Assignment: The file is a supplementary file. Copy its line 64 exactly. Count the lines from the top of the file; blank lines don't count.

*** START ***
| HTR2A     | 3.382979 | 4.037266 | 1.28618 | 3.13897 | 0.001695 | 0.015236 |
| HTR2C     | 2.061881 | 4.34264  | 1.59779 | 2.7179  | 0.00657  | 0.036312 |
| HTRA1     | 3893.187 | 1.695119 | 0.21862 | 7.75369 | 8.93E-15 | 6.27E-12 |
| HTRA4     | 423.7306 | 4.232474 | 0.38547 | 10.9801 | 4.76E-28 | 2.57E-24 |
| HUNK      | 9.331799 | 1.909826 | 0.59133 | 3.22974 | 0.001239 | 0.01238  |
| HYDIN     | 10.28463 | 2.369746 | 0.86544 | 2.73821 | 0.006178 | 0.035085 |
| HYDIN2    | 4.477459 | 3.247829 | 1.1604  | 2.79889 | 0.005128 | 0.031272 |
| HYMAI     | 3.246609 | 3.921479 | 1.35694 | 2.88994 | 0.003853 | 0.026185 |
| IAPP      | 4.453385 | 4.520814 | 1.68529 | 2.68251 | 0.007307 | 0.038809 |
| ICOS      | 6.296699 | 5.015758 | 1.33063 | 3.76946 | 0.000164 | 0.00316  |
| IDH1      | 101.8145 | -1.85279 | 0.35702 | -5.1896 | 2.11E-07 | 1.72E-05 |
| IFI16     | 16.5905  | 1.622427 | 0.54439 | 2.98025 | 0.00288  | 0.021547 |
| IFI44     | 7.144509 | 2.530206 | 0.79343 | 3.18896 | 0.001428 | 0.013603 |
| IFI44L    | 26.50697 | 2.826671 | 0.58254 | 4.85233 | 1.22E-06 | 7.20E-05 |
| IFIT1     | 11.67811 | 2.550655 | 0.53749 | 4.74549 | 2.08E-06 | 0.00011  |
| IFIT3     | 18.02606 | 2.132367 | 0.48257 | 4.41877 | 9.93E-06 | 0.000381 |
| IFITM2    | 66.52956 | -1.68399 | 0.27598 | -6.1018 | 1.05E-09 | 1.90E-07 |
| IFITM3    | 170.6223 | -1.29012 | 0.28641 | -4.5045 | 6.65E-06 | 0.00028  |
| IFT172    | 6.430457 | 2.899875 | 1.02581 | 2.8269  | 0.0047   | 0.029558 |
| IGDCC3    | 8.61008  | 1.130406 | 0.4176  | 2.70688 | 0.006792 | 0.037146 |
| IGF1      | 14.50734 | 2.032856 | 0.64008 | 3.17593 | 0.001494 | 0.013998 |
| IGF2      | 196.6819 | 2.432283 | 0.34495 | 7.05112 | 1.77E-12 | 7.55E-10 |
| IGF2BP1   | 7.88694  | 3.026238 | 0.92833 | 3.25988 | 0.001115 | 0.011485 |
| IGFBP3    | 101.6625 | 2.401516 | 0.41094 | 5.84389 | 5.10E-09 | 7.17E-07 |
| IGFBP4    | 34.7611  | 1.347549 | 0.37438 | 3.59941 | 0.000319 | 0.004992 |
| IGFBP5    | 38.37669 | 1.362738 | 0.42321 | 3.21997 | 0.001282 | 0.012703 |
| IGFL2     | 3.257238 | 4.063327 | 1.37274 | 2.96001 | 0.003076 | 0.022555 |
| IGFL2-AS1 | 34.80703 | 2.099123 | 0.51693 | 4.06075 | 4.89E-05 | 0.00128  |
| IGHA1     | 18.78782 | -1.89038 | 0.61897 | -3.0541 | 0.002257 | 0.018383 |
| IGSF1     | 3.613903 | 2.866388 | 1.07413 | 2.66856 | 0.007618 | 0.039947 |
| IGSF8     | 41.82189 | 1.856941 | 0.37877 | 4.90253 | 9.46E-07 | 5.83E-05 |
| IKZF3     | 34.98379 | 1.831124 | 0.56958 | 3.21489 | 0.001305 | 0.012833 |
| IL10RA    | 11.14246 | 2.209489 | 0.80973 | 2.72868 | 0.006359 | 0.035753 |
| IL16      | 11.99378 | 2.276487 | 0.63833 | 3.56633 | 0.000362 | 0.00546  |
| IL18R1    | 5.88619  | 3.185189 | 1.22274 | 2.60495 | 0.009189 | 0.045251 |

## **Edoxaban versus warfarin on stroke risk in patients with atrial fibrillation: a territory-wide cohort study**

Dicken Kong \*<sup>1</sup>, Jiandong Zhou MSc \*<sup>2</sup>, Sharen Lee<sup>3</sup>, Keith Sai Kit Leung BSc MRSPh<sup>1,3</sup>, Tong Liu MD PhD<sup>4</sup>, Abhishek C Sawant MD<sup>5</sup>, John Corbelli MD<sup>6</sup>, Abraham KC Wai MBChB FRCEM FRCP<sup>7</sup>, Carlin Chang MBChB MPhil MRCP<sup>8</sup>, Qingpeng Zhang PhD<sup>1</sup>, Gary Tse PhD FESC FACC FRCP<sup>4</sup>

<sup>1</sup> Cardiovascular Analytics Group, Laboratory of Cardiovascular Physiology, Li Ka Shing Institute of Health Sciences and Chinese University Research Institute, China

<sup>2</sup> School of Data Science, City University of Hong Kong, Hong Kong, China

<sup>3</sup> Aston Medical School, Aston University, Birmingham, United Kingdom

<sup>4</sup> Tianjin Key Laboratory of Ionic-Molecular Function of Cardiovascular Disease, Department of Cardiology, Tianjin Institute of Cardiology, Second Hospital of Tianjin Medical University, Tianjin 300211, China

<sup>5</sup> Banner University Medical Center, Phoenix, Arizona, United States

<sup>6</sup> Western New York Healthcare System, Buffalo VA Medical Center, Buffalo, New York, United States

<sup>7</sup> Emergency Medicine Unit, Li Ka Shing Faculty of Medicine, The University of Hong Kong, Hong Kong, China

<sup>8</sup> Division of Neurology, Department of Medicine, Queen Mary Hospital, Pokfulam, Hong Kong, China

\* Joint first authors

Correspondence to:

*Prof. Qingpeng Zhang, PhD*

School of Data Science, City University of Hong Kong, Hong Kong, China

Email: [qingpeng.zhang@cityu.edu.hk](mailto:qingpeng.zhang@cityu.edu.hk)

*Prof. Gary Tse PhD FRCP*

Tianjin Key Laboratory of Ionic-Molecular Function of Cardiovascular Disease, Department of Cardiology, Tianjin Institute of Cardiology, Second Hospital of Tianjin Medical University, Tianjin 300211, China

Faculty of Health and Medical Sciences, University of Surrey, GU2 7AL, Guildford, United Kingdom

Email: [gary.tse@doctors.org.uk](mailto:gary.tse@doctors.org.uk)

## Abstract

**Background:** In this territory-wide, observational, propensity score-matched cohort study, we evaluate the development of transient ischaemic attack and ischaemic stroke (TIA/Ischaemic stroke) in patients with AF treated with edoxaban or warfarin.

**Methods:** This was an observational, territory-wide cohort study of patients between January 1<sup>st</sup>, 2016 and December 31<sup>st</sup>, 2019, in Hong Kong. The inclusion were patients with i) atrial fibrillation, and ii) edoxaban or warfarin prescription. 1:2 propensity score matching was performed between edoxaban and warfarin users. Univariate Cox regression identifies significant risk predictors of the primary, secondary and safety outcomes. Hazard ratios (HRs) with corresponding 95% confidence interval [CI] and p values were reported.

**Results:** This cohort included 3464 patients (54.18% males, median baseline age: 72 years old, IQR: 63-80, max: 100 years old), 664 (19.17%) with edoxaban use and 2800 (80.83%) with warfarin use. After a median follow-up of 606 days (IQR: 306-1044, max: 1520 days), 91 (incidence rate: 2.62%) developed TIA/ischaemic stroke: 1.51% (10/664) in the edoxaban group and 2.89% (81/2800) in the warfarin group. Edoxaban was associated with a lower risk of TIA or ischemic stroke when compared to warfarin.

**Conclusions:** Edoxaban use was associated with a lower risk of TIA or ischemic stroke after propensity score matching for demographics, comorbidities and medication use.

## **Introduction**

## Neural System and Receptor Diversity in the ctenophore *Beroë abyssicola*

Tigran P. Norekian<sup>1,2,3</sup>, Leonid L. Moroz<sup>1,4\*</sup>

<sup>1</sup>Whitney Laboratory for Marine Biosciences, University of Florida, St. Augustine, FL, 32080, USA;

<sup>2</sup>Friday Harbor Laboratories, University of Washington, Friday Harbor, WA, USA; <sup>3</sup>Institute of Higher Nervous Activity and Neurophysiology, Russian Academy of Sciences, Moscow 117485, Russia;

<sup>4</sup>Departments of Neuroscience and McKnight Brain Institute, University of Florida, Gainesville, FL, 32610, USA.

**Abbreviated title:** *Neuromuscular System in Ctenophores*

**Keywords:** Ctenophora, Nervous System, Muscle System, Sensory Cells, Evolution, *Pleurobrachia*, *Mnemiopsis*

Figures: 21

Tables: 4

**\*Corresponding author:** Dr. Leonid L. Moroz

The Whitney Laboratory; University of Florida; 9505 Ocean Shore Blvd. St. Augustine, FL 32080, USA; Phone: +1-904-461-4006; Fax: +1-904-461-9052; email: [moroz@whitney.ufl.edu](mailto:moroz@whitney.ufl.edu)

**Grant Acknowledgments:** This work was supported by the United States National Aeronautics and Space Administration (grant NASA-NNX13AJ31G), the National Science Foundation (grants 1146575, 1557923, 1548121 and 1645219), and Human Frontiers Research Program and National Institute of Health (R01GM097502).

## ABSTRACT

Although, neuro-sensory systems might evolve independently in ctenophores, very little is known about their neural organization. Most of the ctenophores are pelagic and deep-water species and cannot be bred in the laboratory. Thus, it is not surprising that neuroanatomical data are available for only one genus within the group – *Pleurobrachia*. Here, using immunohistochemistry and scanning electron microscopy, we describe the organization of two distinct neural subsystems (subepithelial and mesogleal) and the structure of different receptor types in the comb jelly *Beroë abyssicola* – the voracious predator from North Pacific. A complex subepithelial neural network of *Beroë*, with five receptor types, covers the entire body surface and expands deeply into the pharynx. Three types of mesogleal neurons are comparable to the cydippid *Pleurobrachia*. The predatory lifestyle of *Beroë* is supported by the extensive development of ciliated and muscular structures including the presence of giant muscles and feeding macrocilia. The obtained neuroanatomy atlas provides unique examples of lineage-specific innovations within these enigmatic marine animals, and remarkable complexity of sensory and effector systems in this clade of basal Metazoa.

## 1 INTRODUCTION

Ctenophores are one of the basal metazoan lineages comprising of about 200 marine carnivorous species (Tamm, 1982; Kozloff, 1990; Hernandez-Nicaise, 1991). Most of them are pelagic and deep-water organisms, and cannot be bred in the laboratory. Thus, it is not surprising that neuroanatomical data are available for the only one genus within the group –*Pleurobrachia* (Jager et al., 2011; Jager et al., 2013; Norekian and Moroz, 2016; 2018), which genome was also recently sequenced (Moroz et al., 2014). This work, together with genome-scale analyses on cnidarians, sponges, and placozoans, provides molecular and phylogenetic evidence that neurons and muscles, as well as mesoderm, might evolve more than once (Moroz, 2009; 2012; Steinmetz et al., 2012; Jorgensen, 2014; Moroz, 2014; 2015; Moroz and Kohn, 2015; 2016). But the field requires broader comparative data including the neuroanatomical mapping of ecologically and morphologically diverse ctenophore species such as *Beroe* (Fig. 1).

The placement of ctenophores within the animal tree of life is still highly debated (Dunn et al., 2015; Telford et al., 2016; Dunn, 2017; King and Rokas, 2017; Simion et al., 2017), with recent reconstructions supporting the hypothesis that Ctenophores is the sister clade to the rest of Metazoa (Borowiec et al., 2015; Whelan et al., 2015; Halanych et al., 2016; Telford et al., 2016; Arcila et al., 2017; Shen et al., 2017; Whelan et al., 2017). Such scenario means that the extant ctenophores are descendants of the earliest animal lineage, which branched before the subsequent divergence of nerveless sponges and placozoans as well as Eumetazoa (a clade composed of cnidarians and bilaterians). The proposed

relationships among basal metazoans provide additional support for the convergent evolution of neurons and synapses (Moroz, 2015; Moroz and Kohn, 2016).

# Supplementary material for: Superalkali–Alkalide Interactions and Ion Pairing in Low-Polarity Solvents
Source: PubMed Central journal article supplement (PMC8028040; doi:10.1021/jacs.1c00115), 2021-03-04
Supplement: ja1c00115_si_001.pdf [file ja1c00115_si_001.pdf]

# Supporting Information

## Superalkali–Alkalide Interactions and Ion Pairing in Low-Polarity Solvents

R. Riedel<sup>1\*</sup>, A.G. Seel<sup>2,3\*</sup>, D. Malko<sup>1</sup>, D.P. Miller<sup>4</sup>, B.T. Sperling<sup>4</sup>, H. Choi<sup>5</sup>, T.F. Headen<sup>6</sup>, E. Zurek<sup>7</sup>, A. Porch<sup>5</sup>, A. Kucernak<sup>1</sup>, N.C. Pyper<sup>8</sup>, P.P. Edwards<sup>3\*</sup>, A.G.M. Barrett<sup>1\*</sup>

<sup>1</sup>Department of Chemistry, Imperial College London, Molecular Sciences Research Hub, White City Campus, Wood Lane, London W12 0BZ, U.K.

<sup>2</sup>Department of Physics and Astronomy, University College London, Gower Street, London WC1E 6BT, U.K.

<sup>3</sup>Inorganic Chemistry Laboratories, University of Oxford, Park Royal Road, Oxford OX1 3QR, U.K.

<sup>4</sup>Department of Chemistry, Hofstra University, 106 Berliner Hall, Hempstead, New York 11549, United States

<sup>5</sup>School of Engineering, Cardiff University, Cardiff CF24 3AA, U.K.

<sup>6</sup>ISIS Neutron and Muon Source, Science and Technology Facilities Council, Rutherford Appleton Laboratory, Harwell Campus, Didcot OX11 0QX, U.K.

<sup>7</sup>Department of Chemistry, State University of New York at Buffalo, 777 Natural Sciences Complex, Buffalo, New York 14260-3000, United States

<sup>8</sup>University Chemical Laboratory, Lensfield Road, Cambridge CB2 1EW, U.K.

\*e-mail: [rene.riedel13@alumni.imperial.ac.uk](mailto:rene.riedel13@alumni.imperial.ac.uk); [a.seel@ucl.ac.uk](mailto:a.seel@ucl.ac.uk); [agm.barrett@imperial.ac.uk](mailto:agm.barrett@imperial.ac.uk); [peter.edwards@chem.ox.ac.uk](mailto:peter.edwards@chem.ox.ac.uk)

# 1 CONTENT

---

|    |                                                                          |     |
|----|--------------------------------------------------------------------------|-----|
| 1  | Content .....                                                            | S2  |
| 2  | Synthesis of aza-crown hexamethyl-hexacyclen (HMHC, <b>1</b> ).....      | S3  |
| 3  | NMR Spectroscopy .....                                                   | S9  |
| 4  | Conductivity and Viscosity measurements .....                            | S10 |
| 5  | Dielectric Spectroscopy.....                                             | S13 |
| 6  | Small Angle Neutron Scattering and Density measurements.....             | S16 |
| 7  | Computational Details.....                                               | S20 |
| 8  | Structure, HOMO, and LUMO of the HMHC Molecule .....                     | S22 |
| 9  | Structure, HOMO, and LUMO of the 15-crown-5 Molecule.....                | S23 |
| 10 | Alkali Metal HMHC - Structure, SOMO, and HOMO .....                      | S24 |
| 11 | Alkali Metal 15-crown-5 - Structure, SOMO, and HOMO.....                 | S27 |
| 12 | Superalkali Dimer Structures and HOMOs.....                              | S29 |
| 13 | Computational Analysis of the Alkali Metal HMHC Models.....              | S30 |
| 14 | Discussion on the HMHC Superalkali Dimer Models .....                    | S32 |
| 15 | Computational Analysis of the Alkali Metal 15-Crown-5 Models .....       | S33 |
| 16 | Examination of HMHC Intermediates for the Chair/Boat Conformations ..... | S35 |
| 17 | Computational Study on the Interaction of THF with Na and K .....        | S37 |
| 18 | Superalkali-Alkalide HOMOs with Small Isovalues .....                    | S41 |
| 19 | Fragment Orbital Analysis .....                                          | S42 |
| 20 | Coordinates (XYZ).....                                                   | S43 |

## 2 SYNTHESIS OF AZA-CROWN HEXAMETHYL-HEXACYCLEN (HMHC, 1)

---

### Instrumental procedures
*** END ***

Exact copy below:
<sup>2</sup>Friday Harbor Laboratories, University of Washington, Friday Harbor, WA, USA; <sup>3</sup>Institute of Higher Nervous Activity and Neurophysiology, Russian Academy of Sciences, Moscow 117485, Russia;